Fuzzy Hashing and CTPH

Chapin Bryce
Nov 4, 2018 · 9 min read

Today we have another short post, focused on two different approaches used for similarity analysis (aka Fuzzy hashing). While we know that MD5, SHA1, and other cryptographic hashes are great at validation and integrity checks, any modification to the source file completely changes the output. And that is good — these hashes are supposed to help us identify distinct files. For this reason, we have to reach to other tools to assist in similarity analysis; one of the most popular utilities is ssdeep, developed by Jessie Kornblum (project GitHub here).

Photo by Pavel Voinov on Unsplash

The ssdeep utility leverages the spamsum algorithm, developed by Dr. Andrew Tridgell to help identify spam messages in email. This algorithm, found at samba.org, implements what is known as context triggered piecewise hashing ("CTPH") as further discussed in this DFRWS paper. Before we dive into why CTPH is useful in this approach, let's evaluate a few other strategies for similarity analysis.

As you may already know, similarity analysis does not bode well when reviewing compressed or encrypted data. This is because the process for compression or encryption can result in notably different outputs with slightly modified inputs (a topic for another post). This means that docx files, for example, do not play well with the strategies we will discuss; instead we would want to expose and generate a signature of the content (ie the raw text or other media) of the document instead of the binary file itself (once again, a topic for another post).

Similarity Analysis Strategies

It may go without saying that our most accurate approach to similarity matching would be to compare the byte content of two files, side by side, and look for differences. While we may be able to accomplish this using a mix of xxd and diff, this only really works at a small scale. Once we move from comparing two small files to comparing many small files, or a few medium-sized files, we need a more efficient approach. This is where signature generation comes into play.

To generate a signature, we must have a few things figured out:

  • What alphabet we want to use for our signature
  • How we want to segment the file into “summarizable” blocks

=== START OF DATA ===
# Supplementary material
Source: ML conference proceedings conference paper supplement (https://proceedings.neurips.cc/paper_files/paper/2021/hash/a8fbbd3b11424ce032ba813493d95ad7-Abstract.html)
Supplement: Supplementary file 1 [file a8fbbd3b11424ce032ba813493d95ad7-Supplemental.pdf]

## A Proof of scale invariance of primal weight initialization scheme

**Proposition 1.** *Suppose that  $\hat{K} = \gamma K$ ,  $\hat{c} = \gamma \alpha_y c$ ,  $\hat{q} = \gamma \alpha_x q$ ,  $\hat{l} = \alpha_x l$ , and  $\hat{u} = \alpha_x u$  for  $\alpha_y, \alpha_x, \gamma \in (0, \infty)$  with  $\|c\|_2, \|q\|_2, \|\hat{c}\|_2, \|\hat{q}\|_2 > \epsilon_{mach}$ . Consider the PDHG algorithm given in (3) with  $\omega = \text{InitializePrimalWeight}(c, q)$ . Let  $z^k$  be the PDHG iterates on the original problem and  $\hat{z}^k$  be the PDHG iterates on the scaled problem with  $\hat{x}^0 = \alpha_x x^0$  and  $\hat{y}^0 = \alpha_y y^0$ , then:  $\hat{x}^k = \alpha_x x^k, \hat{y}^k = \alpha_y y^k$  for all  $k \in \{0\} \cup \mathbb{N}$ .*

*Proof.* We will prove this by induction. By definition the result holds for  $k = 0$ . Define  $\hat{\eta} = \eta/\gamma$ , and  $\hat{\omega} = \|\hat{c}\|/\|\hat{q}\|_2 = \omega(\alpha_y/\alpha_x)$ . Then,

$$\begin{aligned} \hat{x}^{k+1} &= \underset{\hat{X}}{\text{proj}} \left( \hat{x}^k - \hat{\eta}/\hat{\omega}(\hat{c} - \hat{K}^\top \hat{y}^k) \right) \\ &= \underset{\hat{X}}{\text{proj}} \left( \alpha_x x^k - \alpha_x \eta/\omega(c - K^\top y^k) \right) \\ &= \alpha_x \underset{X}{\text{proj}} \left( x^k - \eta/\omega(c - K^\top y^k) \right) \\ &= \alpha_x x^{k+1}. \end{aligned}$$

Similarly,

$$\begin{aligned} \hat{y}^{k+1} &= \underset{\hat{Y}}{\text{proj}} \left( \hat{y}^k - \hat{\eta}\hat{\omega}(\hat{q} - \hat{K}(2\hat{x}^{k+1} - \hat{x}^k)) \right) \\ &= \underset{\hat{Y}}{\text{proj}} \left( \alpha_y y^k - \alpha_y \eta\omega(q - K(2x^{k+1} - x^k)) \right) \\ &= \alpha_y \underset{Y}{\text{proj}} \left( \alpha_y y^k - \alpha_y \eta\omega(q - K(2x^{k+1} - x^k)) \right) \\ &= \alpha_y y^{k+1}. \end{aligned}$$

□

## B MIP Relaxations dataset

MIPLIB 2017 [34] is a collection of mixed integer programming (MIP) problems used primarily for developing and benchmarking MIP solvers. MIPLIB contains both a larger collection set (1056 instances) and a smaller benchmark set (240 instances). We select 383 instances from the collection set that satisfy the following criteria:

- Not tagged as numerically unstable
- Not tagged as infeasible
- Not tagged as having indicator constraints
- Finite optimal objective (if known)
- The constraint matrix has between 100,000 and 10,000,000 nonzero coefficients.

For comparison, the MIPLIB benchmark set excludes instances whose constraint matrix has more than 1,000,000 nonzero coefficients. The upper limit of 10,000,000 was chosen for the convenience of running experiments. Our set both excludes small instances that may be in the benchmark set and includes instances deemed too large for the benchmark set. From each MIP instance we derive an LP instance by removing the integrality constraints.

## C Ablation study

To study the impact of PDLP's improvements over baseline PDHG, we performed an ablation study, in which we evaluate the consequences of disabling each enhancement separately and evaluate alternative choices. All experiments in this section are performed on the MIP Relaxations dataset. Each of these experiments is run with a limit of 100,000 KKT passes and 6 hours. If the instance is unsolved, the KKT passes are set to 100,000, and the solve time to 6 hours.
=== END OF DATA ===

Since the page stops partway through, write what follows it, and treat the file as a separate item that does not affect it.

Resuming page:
• The technique for converting our “block summary” into a character from our alphabet

While the alphabet is an optional component, it allows us, humans, to better review and understand the data. We can always store it as integers and save a tiny bit of computational resources.

In this blog post, we will use base64 as our alphabet — as does spamsum and ssdeep. For the second and third items above, let’s discuss a few techniques for slicing up our file and generating our hash value. For this example (and to keep things simple) let’s use the alphabet (a-z) followed by the numbers 0 and 1 as the content of our file.

Our first approach is to slice the file into equal sized blocks. In the below example is our file content — the letters a-z followed by the numbers 0 and 1. For this example, we have decided to split our file into 4-byte blocks. The first row is each byte of the file, with it's ASCII value on the second row.

You can find the ASCII and Base64 reference tables here

We then summarize each of these 4-byte blocks by summing the ASCII value of the 4 characters, as shown on the third row of the table. We then convert this summarization of our file content into our base64 representation by taking 394 modulo 64 (394 % 64) which is 10, or K in the base64 alphabet.

The letter K becomes our summarization of the first block, a for the second, and continues until we have our complete file signature of Kaq6KaU.

In the next image below, a slightly modified version of our original file. As seen below, someone replaced jklmn with hello. We can now run our hashing algorithm against this file to get a sense of how much has changed between the two versions.

Using the same technique, we calculate the new hash value of Kai6KaU. If we wanted to compare the similarity of our two files, we should be able to use our signatures to facilitate our comparison - right? So, in this case, we have one letter difference between our signatures, meaning our two file streams are largely similar!

As you may have spotted there is an issue here; we have found a hash collision when using our algorithm. In the prior example, the fourth block of each file is different; the first is mnop and the second is loop. Since we are summing our file content to determine our signature value, we are bound to get an unhealthy amount of collisions. These collisions may cause us to think files are more similar when they are not, and unfortunately are a product of summarizing file content without the use of a cryptographic hash algorithm. For this reason, we have to find a better balance between summarizing file content and encountering hash collisions.

Our next example demonstrates what happens when an insertion occurs. As you can see in the below image, the letter h was inserted after mn, adding 1 byte to the file and causing the entire content to shift right by one. In this instance, our last 'block' will just contain the number 1, though some implementations may handle this differently.

Using our same formula, we calculate a hash of KaqyGUbx. This hash is largely different than Kaq6KaU. In fact, once we reach the block containing the change, the hash is completely different even though we have similar content in the latter half of the file.